When I graduated from the General Electric Financial Management Program (Aerospace Electronics, Utica, New York), I was transferred to Charleston , South Carolina as a financial analyst for Large Steam Turbines.  One of my first assignments was to work with the Diaphragm people.

They were in Building #3 and they were from Schenectady, New York.   They were skilled craftsmen, worked with metals and used an automatic template cutter (a process borrowed from the textile industry) and would cut huge plates of steel within 1/16th of a precise specification…automatically.  Looking back…it is kind of amazing and renews my pride in American manufacturing….as it was then. 

They were older and perhaps overly proud, now living in the South but being from New York.  They were working with many former tenant farmers who had been trained at a local technical school to become machinists.

FINANCE, yes, in all caps, is GOD in the General Electric world and I was one of them.  I also was a FMP and that was a very special person in the General Electric world.  I had been recruited and paid by Corporate while “stationed” in Utica, New York.  My new assignment was to work with the Diaphragm people and get them to meet FINANCE’S budgetary guidelines.  They had balked for three years and had not achieved “their numbers” for three years.  An adversary relationship existed between Buildings #1, Building #2 and the Diaphragm people in Building #3.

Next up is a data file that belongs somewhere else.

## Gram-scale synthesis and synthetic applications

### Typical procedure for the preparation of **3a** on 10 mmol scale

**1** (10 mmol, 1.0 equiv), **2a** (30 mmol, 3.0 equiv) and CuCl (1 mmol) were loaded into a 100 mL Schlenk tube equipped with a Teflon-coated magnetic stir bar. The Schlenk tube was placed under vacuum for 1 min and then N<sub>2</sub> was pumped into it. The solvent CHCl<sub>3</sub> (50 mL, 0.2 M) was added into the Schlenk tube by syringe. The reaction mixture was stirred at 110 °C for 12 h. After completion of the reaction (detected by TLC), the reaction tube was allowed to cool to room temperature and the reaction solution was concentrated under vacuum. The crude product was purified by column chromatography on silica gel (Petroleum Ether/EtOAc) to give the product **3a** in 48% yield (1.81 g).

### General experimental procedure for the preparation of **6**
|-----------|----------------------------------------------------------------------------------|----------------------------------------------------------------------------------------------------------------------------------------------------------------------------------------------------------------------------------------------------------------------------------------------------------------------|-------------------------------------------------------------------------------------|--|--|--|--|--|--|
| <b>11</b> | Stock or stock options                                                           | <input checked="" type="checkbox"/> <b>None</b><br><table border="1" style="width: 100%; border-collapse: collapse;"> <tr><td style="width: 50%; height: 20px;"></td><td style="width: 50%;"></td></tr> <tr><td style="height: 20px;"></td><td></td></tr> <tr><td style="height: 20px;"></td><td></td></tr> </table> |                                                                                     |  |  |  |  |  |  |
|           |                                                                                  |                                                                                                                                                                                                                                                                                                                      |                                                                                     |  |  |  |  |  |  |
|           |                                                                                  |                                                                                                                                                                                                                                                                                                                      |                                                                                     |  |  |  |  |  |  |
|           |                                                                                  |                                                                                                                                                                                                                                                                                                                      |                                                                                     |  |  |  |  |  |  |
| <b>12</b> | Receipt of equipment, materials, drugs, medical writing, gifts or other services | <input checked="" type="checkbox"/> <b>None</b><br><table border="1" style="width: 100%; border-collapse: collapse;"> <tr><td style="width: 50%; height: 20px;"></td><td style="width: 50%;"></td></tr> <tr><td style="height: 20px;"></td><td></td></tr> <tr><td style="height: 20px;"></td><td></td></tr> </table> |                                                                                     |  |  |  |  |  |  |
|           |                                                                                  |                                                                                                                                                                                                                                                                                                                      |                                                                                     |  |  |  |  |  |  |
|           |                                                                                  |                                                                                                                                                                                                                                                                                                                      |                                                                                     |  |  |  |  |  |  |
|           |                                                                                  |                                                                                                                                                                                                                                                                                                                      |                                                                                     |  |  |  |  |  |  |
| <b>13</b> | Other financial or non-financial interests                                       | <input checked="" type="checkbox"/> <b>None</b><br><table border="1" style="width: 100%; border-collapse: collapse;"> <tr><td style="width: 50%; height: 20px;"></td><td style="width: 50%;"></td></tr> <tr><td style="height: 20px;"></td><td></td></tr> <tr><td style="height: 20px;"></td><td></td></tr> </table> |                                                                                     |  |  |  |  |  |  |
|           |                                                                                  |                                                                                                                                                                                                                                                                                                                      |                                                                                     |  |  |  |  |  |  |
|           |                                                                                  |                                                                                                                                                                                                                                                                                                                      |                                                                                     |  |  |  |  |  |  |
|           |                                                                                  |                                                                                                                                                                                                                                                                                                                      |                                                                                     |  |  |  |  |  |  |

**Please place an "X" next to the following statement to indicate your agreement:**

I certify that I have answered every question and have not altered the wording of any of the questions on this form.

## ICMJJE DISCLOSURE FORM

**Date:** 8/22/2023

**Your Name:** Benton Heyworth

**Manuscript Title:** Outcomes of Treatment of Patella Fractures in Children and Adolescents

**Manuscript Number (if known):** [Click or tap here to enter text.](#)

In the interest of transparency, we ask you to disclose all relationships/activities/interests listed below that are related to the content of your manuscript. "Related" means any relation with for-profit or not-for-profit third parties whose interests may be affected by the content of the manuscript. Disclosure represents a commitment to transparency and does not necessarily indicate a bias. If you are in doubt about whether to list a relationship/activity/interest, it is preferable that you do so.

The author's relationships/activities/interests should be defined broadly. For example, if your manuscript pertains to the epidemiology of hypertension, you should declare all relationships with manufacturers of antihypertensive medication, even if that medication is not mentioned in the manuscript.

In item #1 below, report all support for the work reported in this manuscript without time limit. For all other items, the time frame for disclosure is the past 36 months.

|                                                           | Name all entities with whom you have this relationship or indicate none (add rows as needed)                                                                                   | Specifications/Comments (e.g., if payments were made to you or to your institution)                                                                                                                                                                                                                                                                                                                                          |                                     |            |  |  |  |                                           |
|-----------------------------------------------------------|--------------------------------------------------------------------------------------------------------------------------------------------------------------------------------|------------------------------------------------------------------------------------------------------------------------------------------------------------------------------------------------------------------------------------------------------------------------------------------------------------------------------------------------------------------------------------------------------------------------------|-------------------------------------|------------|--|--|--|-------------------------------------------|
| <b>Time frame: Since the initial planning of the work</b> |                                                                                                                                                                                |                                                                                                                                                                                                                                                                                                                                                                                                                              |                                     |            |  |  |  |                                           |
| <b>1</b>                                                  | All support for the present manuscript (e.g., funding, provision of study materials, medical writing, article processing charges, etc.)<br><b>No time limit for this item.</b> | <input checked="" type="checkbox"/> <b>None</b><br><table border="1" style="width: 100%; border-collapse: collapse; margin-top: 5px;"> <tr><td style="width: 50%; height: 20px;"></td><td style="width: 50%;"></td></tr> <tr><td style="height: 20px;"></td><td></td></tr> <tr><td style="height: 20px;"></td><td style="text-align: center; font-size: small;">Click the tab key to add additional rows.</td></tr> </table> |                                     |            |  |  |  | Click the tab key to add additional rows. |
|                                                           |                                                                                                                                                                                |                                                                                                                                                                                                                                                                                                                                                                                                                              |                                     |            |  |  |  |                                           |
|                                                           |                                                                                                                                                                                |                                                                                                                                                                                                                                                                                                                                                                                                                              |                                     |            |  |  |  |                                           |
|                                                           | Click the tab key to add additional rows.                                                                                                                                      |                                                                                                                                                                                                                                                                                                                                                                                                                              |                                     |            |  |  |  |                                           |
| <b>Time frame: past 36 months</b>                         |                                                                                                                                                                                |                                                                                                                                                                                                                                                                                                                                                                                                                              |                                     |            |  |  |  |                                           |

“Tom…go meet the Diaphragm people and give them their budget numbers….it won’t be a pleasant experience; but, you’ve got to do it.  We have a deadline to report our budgets to Corporate.”  I have always carried a legal pad, so with pad and pen in hand, I walked down the cement road to Building #3.  As I walked in the door, a sense of anxiety overcame me and I took a deep breath.  It was late in the day and a summer shower had just finished (very often in Charleston….a thunderstorm and then everything was sunny and beautiful).   They knew who I was and escorted me into the conference room.  But they began talking and I just listened…and listened.  Three hours later, I had ten pages of notes (but had not given them their budget numbers to sign off on).   I, then  simply said:  “I have some numbers to go over with you but instead, if you will make the time, I will take your lead and see what numbers you feel you can meet and, once we both feel comfortable that those are the numbers you can commit to and meet, I will help you sell  it to FINANCE.” 

We stayed til midnight and then, the next morning at 6:00 a.m., we started again.  This was before lap tops and electronic spreadsheets.  Yes, pencils, calculators and long green sheets taped together!  When we finished the numbers, I understood how they were developed and the reasoning that supported them, I quickly compared them to the FINANCE budget numbers.  They were lower. 

Later that day, I went with the Diaphragm people to the Plant Manager and the Controller and I presented the Diaphragm numbers as if I was one of them.  I explained the logic, the standards and how they would achieve those numbers.  It was quiet and then everyone smiled and said, “ok….these are your numbers….we will hold you to them.”   And the manager of the Diaphragm people then said, “we want to keep having access to Tom and we want him to work with us to make sure we hit our numbers.’

It’s been many years and I am sure most of the Diaphragm people have passed away; but, a sense of pride, respect and friendship was achieved and lasted until I left Charleston three years later.   It was born out of talking, listening and caring enough (on both sides) to achieve a realistic solution that could be embraced, fought for and was achievable.  But probably the greatest value came out of the mutual ownership that was achieved through collaboration.

Is this how you work with your staff and your clients?  If you need help, I can retell my Diaphragm People story (and others that came out of that learning experience).